C’est Sa Raison d’Etre
But this is not the plan she had for her life. Autism, schizophrenia, and a series of medical conditions thwarted that plan. Virtue. Duty. Wisdom. Classical educators often speak of these things. Sometimes we witness them.
One afternoon before her regular blood work, Michelle settled into a good book in the back seat of our car. She seemed unconcerned about the painful needles invariably wielded by rookie phlebotomists. All of this awaited her but she pressed on, as she does every day.
As I watched her through the rearview mirror, I decided to tell her what I had been thinking. “Michelle,” I said, “I want you to know how much I admire your courage.” Surprised and somewhat embarrassed, she covered her face with her hands. Then she looked up and paused. She answered quietly, “C’est sa raison d’être.”
“What does that mean?” I asked.
“That is her reason to be,” she explained. “I learned it in First Start French.”
On another day, she read a poem, “The Grasshopper,” by the Greek of Anacreon from Poetry for the Grammar Stage. Michelle answered these questions independently in her Student Book: “Would you prefer a life like the grasshopper’s? Why or why not?”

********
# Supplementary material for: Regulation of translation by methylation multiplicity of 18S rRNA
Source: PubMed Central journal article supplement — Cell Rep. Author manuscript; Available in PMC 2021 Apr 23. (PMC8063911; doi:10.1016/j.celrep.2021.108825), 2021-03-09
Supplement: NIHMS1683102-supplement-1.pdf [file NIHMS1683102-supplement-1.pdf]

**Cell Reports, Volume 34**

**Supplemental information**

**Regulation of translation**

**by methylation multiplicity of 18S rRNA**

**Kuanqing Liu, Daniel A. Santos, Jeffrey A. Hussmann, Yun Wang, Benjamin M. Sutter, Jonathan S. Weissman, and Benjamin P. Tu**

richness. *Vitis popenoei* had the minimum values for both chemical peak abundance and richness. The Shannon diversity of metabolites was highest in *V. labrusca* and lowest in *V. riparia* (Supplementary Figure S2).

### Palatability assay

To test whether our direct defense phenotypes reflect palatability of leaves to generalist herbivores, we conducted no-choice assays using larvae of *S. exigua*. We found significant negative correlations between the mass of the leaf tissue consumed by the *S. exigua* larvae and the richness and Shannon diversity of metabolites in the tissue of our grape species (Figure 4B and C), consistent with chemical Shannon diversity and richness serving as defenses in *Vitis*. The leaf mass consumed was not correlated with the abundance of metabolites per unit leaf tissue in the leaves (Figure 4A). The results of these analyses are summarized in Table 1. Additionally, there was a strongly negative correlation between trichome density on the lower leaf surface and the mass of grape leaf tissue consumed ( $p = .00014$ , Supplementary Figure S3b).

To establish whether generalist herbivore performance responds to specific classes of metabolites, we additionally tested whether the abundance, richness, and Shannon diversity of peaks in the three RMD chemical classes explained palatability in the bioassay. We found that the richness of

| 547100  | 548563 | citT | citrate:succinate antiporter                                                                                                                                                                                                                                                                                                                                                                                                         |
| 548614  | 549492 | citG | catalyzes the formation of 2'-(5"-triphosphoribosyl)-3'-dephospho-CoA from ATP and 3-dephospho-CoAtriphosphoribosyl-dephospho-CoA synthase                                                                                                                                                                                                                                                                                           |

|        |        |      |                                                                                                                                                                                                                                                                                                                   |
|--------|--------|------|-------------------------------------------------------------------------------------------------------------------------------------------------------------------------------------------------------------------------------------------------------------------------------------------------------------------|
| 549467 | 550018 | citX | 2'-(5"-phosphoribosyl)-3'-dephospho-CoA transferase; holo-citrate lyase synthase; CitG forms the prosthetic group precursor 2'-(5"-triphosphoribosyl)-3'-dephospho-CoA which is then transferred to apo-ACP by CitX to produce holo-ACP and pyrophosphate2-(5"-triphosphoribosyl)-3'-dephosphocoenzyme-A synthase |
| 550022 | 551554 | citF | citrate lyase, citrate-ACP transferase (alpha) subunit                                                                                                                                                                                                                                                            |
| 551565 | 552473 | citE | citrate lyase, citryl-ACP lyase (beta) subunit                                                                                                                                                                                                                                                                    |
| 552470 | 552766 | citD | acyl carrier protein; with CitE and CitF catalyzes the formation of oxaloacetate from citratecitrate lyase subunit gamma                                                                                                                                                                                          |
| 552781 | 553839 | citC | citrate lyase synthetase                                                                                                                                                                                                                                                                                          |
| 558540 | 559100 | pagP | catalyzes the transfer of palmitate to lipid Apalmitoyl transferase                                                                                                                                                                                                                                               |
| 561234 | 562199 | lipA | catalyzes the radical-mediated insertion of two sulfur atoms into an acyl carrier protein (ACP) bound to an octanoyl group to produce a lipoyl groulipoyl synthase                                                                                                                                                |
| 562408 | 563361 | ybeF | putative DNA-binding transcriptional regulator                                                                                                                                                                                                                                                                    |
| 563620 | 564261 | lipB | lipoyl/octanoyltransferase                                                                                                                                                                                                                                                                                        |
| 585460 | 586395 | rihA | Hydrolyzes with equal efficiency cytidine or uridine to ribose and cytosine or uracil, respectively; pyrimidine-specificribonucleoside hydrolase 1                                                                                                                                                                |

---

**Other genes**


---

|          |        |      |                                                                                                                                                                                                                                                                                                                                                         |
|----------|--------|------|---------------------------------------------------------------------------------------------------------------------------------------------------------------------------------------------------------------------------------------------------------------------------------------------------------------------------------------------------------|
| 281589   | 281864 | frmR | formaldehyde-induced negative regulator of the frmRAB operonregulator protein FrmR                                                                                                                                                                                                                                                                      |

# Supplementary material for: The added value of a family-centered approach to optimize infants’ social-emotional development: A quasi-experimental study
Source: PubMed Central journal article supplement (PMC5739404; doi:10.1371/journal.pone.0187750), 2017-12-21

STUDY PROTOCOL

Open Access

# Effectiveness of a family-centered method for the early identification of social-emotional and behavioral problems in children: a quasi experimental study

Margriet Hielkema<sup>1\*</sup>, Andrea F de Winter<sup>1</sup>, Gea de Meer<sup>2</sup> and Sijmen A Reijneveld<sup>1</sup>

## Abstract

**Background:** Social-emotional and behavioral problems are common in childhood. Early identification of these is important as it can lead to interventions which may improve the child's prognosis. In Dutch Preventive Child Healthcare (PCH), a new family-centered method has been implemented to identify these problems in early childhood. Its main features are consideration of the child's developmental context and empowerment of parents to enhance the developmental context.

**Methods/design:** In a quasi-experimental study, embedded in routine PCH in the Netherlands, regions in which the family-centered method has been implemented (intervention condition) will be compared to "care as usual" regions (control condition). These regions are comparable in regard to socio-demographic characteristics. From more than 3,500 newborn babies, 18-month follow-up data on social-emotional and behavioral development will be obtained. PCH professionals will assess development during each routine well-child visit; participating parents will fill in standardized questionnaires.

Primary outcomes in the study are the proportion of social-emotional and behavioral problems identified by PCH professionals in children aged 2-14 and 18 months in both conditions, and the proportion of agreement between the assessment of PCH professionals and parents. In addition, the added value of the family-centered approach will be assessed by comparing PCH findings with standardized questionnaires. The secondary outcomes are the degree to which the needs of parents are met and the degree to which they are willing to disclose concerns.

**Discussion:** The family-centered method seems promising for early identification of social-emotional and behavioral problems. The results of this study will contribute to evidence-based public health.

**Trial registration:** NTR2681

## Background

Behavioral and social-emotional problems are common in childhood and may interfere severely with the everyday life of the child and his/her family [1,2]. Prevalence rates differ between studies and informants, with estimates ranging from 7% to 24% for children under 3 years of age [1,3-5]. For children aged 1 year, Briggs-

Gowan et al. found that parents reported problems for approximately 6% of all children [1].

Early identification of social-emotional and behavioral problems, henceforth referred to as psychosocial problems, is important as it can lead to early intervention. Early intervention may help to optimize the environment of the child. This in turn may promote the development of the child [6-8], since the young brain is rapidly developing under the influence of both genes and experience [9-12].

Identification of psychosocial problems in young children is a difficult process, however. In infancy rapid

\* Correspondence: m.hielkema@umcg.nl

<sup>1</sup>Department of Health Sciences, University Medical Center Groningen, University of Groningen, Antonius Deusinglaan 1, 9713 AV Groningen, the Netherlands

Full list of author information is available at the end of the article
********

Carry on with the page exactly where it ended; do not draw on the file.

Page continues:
She wrote her answer this way: “I would if it’d get me away from certain things. But we are what we are, and must learn to accept and bear them. ‘Tis the way of the cross. To live and learn, to serve where you are able.”
I sat down to read this again more slowly. The words, simply written, echoed timeless truths.
This is courage in a man
To bear unflinchingly what heaven sends. —Euripedes
Though He slay me,
yet will I trust Him. —Job 13:15
We never know which lessons will impact our children as we teach. We do not know when these lessons will emerge in our children’s lives, reflections, or conversations. We do not know whether they will emerge at all. We just keep teaching, caring, and serving. For each of us, that is our reason to be.